New Windows XP user - Questions
blackbird71 last edited by
@clarachan1355 said in New Windows XP user - Questions:
I will get a good 'puter grease monkey, and have my old pc upgraded--people do this all the time.--i have seen it work. --very well. --Because my engineer friends who worked for big pc companies, tell me the new pcs are getting WORSE than the old ones.; I can't ruin the last few yrs of my life,(Im 70) struggling with even WORSE PCS than i already have!!I won't do it!!! I have HAD IT.
There are some problematic factors to keep in mind when considering investment into upgrading an old PC.
While a number of things can be upgraded on a truly old computer, depending on age, there are built-in physical limitations that prevent old hardware from being made fully compatible with newer computer standards, at least with any favorable degree of cost-effectiveness. Truly old hardware, while perhaps originally more robust, was designed and built to now-old standards and protocols. These act to limit compatibility and capacity when newer standards and protocols must be utilized to get full computer functionality with modern software and websites. Think in terms of a refurbished car designed to run on leaded gasoline and 10W40 motor oil, but now facing a supply marketplace dominated by unleaded gasoline and 5W30 (or even 0w20 synthetic) motor oil... it can be done, but at what cost and trouble?
Moreover, with age, some hardware physically deteriorates (fans, hard drives, and power supply or motherboard capacitors being common examples), and these can create weaker performance that causes increasing intermittency and/or startup failures. Many of the computer's hardware parts require software 'driver' programs written by their makers to properly connect the hardware with the operating system installed on the computer. For a lot of older hardware, the hardware makers no longer write updated drivers compatible with requirements of newer operating system software, forcing the user to stick with an old and obsolete operating system. But that, in turn, increasingly blocks a user from using newer application program versions written around newer operating systems, as well as exposing the user to increasing numbers of now-unpatched security exploits out on the Internet.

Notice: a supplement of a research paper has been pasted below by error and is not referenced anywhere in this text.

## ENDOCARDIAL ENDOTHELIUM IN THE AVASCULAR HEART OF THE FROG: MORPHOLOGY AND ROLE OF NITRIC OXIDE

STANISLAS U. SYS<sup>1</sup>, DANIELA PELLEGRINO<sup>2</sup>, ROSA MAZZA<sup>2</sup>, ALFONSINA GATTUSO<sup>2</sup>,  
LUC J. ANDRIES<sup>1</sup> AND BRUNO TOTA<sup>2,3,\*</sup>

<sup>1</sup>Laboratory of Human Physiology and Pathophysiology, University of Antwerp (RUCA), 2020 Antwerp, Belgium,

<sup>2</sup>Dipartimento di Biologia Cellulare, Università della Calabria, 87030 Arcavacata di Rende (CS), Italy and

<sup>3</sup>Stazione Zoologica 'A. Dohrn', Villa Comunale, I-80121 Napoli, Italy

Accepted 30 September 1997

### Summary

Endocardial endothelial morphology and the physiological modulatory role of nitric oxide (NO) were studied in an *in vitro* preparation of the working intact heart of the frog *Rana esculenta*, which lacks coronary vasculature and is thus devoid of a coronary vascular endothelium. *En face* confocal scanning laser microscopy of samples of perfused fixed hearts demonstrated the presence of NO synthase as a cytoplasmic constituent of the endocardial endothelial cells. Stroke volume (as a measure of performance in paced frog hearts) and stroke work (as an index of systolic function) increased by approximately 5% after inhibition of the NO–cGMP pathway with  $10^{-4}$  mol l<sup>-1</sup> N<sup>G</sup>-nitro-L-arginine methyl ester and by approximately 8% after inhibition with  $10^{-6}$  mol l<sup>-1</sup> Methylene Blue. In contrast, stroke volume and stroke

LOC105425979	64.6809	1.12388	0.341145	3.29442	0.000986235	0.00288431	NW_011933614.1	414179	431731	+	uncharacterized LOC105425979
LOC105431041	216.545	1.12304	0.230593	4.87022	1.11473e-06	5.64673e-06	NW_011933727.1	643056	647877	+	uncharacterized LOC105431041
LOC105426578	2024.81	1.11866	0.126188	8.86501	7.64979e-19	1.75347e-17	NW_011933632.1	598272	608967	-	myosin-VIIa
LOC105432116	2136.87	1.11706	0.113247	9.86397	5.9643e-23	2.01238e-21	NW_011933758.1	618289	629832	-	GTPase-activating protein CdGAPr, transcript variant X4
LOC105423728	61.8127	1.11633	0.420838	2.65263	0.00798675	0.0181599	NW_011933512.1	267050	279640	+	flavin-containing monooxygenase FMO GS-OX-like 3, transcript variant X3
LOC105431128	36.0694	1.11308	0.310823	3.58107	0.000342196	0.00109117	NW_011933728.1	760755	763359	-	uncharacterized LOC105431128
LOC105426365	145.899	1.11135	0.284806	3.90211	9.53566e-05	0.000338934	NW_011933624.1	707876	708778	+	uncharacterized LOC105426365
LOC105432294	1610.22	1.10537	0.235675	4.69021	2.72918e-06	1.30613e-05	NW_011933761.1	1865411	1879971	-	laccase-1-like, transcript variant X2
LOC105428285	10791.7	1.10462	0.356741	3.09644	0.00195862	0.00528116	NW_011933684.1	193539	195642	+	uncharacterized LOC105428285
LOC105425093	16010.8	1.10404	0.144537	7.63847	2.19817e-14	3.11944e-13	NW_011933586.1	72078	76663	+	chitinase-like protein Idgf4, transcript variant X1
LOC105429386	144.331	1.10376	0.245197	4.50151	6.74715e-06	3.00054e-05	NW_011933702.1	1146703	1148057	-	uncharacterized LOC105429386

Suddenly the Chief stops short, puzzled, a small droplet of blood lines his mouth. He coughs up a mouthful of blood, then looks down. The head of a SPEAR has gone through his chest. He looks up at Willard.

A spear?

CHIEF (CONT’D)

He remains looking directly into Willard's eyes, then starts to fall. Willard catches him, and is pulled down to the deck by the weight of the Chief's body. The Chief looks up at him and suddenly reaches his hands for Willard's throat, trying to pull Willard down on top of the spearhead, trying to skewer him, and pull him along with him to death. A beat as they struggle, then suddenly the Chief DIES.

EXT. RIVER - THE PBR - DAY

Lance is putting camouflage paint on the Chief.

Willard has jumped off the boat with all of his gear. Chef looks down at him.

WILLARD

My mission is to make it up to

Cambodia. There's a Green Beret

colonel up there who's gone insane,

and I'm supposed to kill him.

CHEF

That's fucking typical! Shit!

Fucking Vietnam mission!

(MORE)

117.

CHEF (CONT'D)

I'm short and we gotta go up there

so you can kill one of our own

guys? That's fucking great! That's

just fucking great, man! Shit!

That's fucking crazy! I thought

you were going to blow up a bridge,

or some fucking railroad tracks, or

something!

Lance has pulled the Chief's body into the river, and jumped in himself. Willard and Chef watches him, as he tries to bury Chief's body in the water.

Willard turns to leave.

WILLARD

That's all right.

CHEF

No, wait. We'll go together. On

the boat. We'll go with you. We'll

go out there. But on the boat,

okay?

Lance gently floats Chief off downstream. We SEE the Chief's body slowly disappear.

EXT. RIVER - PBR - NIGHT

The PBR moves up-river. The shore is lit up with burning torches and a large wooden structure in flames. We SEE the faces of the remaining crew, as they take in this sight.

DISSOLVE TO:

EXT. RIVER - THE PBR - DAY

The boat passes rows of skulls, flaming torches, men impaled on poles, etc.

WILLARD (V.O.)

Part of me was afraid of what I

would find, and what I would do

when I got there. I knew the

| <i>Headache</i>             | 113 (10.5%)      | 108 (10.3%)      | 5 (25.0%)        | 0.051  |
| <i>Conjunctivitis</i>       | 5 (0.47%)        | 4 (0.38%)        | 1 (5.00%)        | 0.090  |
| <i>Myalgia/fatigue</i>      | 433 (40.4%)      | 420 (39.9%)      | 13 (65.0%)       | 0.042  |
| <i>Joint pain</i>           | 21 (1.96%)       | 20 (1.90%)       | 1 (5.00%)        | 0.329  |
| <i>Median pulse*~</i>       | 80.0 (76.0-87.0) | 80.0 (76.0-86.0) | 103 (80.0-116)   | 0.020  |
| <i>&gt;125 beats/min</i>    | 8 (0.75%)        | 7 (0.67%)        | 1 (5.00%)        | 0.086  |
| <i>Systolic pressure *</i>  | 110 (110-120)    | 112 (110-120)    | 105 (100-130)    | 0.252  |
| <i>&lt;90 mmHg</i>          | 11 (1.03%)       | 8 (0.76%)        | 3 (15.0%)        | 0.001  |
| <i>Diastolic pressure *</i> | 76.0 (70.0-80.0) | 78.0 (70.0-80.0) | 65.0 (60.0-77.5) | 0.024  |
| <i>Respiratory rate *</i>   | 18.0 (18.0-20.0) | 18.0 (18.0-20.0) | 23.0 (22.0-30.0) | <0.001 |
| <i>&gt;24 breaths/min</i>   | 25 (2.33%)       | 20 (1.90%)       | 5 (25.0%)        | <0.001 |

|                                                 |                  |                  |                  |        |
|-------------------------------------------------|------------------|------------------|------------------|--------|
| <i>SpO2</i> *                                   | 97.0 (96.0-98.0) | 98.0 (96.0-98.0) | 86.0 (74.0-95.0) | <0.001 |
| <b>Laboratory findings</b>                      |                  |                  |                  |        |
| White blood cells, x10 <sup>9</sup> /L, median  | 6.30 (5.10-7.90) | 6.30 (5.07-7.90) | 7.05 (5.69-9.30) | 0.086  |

In my own experience, some computers can indeed run for 10-20 years or even longer, particularly if well-maintained and with occasional replacement of fans and drives, as well as a new power supply or two. At this moment, I'm sitting next to a fully-functioning Micron Win98FE system dating from 1998 that I still use occasionally to run DOS and very old Windows programs. But that's not to say such old computers will support installation of a modern operating system, and it's not to say the systems would be safe if taken online with their original operating system and compatible software. It's certainly not to say that putting much rebuild money into such an old system could be justified except by a business necessity of running certain ancient business-related programs.
My advice would be to take a very long, hard look at the cost-return trade-off before putting much into a physical upgrade of an old computer. It might be simpler or more cost effective to get a simple, information-appliance type of small and cheap computer for the usage you have.